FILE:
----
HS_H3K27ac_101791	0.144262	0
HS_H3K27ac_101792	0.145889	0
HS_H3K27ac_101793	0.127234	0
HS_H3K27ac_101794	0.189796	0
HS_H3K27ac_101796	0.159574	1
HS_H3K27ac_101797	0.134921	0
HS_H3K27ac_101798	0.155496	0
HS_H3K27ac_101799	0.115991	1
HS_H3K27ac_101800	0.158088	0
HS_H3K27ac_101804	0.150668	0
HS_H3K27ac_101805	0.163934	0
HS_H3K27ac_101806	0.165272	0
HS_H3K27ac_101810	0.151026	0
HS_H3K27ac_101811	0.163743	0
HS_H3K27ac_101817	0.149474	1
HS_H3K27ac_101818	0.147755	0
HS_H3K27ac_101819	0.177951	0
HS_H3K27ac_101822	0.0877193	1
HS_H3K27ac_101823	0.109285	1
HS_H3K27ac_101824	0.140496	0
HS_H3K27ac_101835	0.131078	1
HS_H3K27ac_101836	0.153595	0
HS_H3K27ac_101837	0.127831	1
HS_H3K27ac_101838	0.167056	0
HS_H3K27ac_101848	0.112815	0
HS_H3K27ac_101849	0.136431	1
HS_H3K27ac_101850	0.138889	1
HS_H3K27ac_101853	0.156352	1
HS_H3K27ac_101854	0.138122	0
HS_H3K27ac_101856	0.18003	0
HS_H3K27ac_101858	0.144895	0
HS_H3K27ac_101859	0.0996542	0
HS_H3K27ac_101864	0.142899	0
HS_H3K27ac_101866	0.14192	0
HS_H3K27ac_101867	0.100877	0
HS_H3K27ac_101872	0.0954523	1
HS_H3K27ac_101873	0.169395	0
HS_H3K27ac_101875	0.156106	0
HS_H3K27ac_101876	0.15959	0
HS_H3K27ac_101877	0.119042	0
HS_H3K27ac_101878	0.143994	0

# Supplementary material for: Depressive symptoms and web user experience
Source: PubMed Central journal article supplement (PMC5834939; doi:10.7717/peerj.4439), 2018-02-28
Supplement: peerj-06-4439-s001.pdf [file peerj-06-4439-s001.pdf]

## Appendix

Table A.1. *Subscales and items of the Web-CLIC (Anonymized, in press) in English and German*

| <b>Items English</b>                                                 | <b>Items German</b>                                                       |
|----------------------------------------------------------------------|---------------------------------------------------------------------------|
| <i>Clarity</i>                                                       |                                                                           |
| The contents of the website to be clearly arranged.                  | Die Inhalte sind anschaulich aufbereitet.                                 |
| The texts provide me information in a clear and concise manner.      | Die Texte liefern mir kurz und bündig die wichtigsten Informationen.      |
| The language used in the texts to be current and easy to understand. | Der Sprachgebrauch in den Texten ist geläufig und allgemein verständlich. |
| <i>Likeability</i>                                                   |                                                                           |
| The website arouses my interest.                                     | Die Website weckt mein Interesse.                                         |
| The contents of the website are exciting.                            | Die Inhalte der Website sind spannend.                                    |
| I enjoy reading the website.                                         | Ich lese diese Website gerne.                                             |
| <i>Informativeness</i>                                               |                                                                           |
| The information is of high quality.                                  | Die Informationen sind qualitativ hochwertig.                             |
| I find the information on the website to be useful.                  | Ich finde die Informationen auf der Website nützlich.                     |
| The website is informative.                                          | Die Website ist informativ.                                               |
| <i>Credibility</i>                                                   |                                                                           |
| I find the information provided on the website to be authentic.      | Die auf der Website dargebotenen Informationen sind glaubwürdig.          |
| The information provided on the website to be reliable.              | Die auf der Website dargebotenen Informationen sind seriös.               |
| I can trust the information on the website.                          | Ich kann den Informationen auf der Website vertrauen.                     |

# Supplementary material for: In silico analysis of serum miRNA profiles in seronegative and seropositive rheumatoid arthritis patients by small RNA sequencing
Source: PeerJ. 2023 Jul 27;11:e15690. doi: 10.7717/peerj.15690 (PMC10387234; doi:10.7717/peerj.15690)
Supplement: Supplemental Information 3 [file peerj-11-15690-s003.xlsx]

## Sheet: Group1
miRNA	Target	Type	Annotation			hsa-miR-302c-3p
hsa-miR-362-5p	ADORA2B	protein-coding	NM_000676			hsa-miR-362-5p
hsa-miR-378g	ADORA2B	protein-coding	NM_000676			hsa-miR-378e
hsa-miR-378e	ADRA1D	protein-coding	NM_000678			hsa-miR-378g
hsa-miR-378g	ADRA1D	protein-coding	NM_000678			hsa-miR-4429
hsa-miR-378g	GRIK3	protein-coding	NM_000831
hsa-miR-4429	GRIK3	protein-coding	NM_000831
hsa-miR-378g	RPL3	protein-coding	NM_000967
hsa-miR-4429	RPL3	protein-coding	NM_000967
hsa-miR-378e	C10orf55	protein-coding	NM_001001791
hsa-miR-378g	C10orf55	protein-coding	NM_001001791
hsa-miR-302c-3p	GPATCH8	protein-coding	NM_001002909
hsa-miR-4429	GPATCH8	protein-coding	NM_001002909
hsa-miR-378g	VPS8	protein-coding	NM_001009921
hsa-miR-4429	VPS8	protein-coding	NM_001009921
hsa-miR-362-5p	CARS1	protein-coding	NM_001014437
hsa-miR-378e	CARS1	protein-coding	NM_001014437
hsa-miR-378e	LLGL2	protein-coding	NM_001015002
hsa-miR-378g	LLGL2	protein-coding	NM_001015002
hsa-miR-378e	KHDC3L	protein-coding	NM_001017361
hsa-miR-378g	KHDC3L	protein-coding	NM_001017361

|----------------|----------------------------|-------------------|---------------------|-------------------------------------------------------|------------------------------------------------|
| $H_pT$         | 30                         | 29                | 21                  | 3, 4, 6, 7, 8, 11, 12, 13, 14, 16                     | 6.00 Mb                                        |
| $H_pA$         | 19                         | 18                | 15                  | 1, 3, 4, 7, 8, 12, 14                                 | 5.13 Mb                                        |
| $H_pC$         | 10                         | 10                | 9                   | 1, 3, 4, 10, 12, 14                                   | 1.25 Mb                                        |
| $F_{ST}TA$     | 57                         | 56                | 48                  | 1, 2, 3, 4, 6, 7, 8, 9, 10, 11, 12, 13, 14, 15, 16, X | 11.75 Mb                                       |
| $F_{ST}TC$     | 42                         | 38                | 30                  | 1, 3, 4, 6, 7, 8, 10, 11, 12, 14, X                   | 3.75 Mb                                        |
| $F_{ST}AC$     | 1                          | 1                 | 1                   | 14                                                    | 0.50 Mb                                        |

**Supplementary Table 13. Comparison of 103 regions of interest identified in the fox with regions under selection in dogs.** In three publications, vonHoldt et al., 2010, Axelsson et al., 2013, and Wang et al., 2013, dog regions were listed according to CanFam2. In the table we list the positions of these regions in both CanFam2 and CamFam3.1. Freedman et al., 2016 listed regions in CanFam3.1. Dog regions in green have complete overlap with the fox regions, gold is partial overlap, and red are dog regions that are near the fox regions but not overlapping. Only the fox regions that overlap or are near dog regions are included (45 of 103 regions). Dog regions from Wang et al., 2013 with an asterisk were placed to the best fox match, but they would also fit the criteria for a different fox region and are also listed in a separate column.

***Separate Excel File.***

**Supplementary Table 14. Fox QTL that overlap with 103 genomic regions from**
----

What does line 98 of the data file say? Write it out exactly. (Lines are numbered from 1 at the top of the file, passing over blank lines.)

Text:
***Separate Excel File.***